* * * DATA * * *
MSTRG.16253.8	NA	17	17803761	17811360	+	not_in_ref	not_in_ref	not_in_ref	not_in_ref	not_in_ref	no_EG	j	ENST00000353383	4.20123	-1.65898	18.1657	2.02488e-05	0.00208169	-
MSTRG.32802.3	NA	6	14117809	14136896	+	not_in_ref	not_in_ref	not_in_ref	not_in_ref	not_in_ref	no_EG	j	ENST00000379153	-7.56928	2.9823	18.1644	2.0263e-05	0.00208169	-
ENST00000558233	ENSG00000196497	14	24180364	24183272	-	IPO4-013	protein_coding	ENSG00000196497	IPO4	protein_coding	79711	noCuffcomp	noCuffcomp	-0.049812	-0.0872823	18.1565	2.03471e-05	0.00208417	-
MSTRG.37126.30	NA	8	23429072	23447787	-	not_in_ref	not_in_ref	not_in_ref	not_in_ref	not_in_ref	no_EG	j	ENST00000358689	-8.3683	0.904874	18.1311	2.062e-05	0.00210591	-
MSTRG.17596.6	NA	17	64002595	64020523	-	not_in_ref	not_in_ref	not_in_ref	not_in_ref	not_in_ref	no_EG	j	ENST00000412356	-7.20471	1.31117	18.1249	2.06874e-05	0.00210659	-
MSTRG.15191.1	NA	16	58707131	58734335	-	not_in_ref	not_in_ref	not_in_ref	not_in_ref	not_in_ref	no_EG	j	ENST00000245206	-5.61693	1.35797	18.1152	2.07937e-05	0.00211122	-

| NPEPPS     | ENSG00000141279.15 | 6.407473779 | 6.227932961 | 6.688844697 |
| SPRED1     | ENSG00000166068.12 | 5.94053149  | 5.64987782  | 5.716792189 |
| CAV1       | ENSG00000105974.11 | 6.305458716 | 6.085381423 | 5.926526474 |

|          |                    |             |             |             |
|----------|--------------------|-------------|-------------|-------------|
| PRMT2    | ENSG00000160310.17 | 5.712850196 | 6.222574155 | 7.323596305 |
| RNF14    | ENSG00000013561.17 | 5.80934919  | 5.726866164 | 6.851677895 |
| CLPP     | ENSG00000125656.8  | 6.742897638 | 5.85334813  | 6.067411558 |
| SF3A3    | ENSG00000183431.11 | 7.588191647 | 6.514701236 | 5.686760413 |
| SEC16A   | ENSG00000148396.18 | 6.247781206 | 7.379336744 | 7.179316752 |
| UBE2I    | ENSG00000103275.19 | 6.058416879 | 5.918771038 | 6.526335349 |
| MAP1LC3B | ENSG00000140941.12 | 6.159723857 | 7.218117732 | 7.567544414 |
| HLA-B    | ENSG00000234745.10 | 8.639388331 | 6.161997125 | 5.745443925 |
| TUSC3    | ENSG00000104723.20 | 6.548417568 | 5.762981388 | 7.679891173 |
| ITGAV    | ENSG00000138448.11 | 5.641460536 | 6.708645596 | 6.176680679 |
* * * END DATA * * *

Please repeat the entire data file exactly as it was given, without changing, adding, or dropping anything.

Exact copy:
MSTRG.16253.8	NA	17	17803761	17811360	+	not_in_ref	not_in_ref	not_in_ref	not_in_ref	not_in_ref	no_EG	j	ENST00000353383	4.20123	-1.65898	18.1657	2.02488e-05	0.00208169	-
MSTRG.32802.3	NA	6	14117809	14136896	+	not_in_ref	not_in_ref	not_in_ref	not_in_ref	not_in_ref	no_EG	j	ENST00000379153	-7.56928	2.9823	18.1644	2.0263e-05	0.00208169	-
ENST00000558233	ENSG00000196497	14	24180364	24183272	-	IPO4-013	protein_coding	ENSG00000196497	IPO4	protein_coding	79711	noCuffcomp	noCuffcomp	-0.049812	-0.0872823	18.1565	2.03471e-05	0.00208417	-
MSTRG.37126.30	NA	8	23429072	23447787	-	not_in_ref	not_in_ref	not_in_ref	not_in_ref	not_in_ref	no_EG	j	ENST00000358689	-8.3683	0.904874	18.1311	2.062e-05	0.00210591	-
MSTRG.17596.6	NA	17	64002595	64020523	-	not_in_ref	not_in_ref	not_in_ref	not_in_ref	not_in_ref	no_EG	j	ENST00000412356	-7.20471	1.31117	18.1249	2.06874e-05	0.00210659	-
MSTRG.15191.1	NA	16	58707131	58734335	-	not_in_ref	not_in_ref	not_in_ref	not_in_ref	not_in_ref	no_EG	j	ENST00000245206	-5.61693	1.35797	18.1152	2.07937e-05	0.00211122	-

| NPEPPS     | ENSG00000141279.15 | 6.407473779 | 6.227932961 | 6.688844697 |
| SPRED1     | ENSG00000166068.12 | 5.94053149  | 5.64987782  | 5.716792189 |
| CAV1       | ENSG00000105974.11 | 6.305458716 | 6.085381423 | 5.926526474 |

|          |                    |             |             |             |
|----------|--------------------|-------------|-------------|-------------|
| PRMT2    | ENSG00000160310.17 | 5.712850196 | 6.222574155 | 7.323596305 |
| RNF14    | ENSG00000013561.17 | 5.80934919  | 5.726866164 | 6.851677895 |
| CLPP     | ENSG00000125656.8  | 6.742897638 | 5.85334813  | 6.067411558 |
| SF3A3    | ENSG00000183431.11 | 7.588191647 | 6.514701236 | 5.686760413 |
| SEC16A   | ENSG00000148396.18 | 6.247781206 | 7.379336744 | 7.179316752 |
| UBE2I    | ENSG00000103275.19 | 6.058416879 | 5.918771038 | 6.526335349 |
| MAP1LC3B | ENSG00000140941.12 | 6.159723857 | 7.218117732 | 7.567544414 |
| HLA-B    | ENSG00000234745.10 | 8.639388331 | 6.161997125 | 5.745443925 |
| TUSC3    | ENSG00000104723.20 | 6.548417568 | 5.762981388 | 7.679891173 |
| ITGAV    | ENSG00000138448.11 | 5.641460536 | 6.708645596 | 6.176680679 |